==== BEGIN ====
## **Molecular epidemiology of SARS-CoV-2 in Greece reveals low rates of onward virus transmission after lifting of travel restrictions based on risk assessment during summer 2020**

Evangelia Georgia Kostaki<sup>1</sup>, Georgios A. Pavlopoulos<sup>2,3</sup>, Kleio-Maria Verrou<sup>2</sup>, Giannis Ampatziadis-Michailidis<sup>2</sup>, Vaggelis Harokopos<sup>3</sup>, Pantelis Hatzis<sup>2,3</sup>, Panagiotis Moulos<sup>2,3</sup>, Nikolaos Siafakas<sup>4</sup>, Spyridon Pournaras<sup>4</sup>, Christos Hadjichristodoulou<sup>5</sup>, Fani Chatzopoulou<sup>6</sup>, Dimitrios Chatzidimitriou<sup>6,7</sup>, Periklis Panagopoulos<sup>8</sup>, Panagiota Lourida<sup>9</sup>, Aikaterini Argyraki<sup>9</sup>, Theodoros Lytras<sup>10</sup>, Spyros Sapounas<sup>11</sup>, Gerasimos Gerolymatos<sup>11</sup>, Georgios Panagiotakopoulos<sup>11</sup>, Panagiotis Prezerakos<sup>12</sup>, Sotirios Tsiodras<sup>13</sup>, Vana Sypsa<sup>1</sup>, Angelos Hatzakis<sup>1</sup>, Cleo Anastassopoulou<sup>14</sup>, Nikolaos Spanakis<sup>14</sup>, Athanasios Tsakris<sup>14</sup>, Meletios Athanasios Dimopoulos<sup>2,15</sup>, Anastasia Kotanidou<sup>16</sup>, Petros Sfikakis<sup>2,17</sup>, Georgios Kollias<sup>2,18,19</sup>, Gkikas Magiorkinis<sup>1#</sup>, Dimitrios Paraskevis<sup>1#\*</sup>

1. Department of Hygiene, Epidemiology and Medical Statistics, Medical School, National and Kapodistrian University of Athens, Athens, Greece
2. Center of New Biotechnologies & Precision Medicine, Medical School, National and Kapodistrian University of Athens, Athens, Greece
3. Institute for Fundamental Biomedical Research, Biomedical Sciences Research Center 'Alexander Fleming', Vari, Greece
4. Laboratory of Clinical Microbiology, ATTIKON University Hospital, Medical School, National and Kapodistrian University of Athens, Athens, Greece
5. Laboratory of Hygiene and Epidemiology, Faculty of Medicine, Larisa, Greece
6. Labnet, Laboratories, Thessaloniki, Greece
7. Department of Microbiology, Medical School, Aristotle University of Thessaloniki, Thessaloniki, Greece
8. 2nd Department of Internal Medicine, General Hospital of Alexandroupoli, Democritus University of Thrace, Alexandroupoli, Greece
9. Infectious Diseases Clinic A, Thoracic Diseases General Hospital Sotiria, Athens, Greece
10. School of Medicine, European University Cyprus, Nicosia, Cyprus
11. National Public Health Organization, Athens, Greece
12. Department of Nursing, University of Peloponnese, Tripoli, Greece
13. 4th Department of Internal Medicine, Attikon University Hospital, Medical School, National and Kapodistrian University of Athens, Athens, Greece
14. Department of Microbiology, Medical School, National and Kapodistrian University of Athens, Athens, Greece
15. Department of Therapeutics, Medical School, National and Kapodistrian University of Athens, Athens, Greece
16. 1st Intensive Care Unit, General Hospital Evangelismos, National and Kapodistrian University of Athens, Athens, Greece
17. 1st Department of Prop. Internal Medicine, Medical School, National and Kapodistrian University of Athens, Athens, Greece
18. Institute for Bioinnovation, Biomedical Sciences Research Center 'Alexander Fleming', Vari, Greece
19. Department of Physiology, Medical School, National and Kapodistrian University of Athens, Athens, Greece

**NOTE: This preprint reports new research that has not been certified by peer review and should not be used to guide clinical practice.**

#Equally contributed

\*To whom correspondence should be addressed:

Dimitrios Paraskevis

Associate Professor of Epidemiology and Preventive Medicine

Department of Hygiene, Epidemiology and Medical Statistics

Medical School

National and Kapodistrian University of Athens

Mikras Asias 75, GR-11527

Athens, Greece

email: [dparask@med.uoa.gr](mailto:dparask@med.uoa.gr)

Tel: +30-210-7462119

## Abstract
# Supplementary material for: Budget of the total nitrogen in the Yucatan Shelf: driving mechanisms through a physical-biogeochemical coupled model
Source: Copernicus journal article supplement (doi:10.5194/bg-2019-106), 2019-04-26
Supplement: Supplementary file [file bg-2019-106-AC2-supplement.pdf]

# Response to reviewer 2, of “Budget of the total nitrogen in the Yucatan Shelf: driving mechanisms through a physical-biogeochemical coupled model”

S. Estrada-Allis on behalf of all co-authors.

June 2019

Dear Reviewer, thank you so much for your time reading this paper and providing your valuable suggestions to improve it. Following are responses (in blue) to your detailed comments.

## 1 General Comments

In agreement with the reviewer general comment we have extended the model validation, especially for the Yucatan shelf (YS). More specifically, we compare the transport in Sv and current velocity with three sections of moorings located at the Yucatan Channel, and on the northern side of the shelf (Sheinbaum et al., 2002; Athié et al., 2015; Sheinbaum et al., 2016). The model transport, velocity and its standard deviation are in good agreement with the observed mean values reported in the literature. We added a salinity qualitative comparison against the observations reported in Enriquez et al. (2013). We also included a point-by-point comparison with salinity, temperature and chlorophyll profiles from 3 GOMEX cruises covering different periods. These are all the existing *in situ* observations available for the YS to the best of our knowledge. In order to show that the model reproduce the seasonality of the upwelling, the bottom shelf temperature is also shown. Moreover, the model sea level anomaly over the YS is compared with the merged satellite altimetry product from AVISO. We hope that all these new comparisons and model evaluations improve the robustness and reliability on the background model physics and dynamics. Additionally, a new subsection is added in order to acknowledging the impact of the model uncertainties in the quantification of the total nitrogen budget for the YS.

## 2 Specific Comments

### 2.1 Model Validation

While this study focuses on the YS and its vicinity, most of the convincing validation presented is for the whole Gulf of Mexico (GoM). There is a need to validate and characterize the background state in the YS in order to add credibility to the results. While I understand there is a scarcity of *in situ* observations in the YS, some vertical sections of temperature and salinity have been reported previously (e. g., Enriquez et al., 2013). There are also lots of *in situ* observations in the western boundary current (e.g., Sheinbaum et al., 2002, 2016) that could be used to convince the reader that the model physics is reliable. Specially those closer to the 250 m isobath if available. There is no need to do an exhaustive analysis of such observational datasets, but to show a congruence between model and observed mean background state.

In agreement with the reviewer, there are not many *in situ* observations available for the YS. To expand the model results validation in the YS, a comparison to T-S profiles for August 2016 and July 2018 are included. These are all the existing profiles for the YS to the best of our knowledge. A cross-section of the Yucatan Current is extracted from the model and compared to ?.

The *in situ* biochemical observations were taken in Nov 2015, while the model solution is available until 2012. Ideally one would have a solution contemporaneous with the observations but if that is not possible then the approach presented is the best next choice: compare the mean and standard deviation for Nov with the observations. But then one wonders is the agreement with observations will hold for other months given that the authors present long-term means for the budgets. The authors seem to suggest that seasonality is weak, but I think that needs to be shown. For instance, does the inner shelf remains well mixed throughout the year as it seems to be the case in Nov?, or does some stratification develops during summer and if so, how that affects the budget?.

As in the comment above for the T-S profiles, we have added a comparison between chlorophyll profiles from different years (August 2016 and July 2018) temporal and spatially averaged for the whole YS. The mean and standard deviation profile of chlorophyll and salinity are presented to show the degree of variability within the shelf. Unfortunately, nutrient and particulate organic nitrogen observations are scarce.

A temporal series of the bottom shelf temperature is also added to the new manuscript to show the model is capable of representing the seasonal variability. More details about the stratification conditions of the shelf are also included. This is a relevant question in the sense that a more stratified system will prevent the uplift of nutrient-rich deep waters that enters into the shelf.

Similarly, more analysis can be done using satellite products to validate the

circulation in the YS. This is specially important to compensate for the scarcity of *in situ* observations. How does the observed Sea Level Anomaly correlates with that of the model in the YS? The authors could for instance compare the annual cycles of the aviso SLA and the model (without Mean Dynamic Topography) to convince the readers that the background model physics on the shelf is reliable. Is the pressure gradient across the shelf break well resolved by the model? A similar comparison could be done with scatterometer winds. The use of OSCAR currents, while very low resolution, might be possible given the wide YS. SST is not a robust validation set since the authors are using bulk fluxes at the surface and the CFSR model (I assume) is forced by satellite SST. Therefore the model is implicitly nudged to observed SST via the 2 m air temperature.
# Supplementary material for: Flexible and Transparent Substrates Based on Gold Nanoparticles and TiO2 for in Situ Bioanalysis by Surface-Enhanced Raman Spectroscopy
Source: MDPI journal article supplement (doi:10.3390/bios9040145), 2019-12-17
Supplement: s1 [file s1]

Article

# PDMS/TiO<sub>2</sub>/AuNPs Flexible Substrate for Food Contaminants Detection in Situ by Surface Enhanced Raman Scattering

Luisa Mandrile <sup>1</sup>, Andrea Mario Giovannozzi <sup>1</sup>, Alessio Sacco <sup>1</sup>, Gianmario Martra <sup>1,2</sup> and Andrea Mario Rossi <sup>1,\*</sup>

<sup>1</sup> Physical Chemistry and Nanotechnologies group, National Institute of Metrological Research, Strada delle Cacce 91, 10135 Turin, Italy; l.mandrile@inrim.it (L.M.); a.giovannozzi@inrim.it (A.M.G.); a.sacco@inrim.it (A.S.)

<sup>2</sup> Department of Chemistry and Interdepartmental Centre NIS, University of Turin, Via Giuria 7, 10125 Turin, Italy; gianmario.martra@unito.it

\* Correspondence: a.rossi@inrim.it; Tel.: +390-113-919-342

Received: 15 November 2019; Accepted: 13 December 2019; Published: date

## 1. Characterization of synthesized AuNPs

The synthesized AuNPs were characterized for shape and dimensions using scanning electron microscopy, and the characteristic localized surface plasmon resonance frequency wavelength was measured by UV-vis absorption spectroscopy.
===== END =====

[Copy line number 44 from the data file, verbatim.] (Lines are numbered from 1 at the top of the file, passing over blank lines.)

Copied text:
## 2 Specific Comments